On campus, our current student population comprises nearly 20 percent of the entire UCI student body. Our students are predominantly the first in their family to go to college, and more than one-third are from somewhere outside the U.S. Nearly one-quarter are from underrepresented minority groups and close to two-thirds are female.
Inclusivity and diversity are very important to us, both in terms of student population and in terms of experience. Our students are exceptionally adept at taking advantage of experiential learning programs that take them from the conflict zones of the Middle East and Orange County high schools where they teach global awareness to aspiring change-makers. Our students can be found in our groundbreaking behavioral economics labs, testing new methods to reduce traffic congestion, create better online marketplaces and prevent the spread of disease.
Since the last strategic plan, we’ve revamped the Social Sciences Academic Resource Center and bolstered our academic advising and student activities offices. We’ve also launched programs dedicated to students from underrepresented backgrounds and first-generation students – including our First Gen, First Quarter Challenge, and our Summer Academic Enrichment Program (SAEP). In operation for more than a quarter of a century, SAEP is an academic boot camp for first-generation college students and students from underrepresented groups.
Two initiatives address the challenge of delivering quality in our very large lecture classes: the Economics Learning Center that provides international students and others with enrichment and opportunities for a collaborative learning environment; and a Learning Assistants Pilot, launched jointly this year with the Office of the Vice Provost for Teaching and Learning.
We’re also excellent in graduate training; we’re currently tied with physical sciences for the highest number of prestigious National Science Foundation GRFP fellowships.
Many of our core areas of teaching and research strength (racial and ethnic politics, immigration, gender and society, social movements, international studies) lend themselves to furthering the understanding of diversity, and attracting faculty and students from diverse backgrounds.
We have more Latino undergraduates and faculty than any other school on campus. We have also increased the number of full time African-American faculty from 1 to 5 since 2014.
And we continue to work toward diversifying the professoriate to create greater insight and open new questions for social and behavioral research.
In 2013-14, the we launched a visiting scholars program to bring mid-level faculty from other campuses working on diversity issues to UC Irvine. We also established a matching grant program for faculty who receive ADVANCE Career Development Awards.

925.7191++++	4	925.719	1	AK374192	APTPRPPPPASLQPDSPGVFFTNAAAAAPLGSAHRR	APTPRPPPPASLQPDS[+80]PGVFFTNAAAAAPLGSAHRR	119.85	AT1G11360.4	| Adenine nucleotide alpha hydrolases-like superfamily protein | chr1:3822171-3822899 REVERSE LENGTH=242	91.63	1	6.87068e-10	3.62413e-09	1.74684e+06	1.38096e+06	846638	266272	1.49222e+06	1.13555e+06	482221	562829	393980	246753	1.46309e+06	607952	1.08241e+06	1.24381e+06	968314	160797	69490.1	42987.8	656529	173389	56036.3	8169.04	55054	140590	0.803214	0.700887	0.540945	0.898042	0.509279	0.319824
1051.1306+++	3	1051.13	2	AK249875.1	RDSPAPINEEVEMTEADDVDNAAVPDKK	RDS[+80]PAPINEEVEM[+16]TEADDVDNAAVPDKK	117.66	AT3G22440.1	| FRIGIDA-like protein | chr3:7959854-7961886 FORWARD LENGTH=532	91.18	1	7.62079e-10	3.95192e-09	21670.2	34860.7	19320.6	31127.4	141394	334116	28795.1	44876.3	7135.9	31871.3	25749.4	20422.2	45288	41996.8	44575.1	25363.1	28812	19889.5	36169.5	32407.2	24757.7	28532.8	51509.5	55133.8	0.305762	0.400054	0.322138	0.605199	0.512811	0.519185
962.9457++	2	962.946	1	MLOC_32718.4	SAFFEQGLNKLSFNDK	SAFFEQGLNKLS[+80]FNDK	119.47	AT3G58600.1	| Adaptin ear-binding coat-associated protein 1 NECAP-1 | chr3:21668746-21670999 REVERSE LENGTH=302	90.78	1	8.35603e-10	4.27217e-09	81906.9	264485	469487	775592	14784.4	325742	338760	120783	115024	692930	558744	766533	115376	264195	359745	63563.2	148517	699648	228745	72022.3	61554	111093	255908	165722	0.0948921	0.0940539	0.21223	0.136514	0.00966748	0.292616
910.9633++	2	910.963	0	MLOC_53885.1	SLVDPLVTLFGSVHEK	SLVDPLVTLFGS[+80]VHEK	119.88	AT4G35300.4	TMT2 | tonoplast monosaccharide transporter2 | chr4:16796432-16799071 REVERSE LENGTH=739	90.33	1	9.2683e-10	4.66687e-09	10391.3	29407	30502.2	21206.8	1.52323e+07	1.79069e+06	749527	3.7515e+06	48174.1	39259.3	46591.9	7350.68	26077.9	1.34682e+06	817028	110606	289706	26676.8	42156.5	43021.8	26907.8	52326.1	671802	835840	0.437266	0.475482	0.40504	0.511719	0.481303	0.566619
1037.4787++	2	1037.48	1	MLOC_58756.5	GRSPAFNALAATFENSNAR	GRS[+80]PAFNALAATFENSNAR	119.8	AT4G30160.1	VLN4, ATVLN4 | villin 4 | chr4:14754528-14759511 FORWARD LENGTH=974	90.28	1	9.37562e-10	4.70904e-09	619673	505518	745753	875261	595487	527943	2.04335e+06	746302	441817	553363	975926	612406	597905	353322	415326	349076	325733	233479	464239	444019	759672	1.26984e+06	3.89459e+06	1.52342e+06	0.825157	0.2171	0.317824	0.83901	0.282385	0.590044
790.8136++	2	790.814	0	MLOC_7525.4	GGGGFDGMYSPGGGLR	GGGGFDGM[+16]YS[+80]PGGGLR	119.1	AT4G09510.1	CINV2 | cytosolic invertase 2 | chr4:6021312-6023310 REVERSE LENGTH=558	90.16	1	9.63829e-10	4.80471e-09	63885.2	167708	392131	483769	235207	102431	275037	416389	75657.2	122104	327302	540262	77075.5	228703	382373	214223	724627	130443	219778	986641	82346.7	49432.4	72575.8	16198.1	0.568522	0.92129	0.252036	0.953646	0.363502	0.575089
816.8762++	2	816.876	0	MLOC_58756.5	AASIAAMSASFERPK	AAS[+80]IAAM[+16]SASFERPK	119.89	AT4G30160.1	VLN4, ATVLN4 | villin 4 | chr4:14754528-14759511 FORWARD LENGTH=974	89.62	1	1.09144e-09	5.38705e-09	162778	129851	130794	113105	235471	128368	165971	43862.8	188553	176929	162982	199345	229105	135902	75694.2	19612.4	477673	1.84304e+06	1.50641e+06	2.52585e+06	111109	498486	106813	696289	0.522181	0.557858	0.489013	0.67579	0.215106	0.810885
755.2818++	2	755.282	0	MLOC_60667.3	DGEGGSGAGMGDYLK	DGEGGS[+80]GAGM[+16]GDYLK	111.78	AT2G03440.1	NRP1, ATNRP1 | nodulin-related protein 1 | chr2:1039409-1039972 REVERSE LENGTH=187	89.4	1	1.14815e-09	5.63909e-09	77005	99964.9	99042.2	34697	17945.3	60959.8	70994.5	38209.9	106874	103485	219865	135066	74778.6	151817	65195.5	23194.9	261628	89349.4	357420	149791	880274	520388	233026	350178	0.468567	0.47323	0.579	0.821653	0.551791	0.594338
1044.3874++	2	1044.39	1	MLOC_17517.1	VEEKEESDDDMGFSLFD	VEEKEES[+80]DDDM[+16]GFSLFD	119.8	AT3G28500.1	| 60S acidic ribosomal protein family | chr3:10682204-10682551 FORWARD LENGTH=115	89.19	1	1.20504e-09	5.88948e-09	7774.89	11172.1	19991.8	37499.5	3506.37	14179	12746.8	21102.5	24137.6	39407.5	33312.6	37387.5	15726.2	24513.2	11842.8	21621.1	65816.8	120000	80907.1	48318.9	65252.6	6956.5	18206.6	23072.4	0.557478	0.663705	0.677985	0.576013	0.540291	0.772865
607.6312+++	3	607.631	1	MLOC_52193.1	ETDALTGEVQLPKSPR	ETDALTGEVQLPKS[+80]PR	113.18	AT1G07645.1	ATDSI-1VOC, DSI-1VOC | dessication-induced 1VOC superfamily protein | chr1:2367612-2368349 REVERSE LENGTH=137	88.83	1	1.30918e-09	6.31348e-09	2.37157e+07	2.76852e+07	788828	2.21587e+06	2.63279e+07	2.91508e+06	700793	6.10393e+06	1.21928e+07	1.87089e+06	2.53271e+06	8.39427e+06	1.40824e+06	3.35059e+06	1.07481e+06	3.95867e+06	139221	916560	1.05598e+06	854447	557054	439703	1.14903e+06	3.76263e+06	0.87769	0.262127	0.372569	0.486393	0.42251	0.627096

While we continue to face challenges in broadening our faculty applicant pool in terms of gender, our current efforts have paid off. For example, since 2003, cognitive sciences has recruited 7 women faculty out of 12 total recruitments. At the forefront of this issue, LPS hosted a highly successful conference on gender and philosophy in 2014. And as a whole, we’ve increased faculty from underrepresented groups.
To continue moving forward, we will explore ways, such as our 21st Century Scholars Fellowship Program, to increase the diversity of our applicant pools.
Fully staffing affected undergrad programs will require a resource commitment from the campus.
We will strengthen faculty and staff recruitment and retention efforts by addressing
salary inequities as demonstrated by the outside market.
While we maintain a good success rate in retaining our top faculty, we will continue to require the assistance of the campus. We will work with the campus to devise strategies for our salaries and campus-provided research funds to become more competitive in today’s market. We will rely on the High Impact Hiring Program and the Distinguished Professors program to address the issue of senior and distinguished faculty retirements. We will also accelerate our efforts to nominate current faculty for distinctions and awards to address any potential loss in terms of academy memberships and similar honors with new retirements. Maintaining and enhancing the quality of the faculty is a central goal of our new development structure and engagement vehicles, which provide unrestricted funds to support recruitment and retention packages.
On the student side, our Economic Learning Center represents a first step in providing more instructional support for all in a setting that allows for peer learning and reaches out to international students. Additional programming will be modeled a fter its success.
And as we enhance graduate enrollment and graduate quality, and as we compete with
other institutions, we will work with Graduate Division and other partners to fund
graduate support packages so that we can rely less on TAships, which are subject to
In sum, our planned actions to achieve our aim to be the top destination for faculty, staff and student mavericks include:
- Strengthening efforts to recruit & retain the best of the best – faculty, staff & students.
- Fundraising for endowed chairs, faculty research, and graduate fellowships.
- Fully staffing popular, high enrollment undergrad programs.
- Enhancing support for international students through support program continuance and creation.
- Promoting inclusive excellence and diversity through programs and hires.
- Becoming a Hispanic serving institution.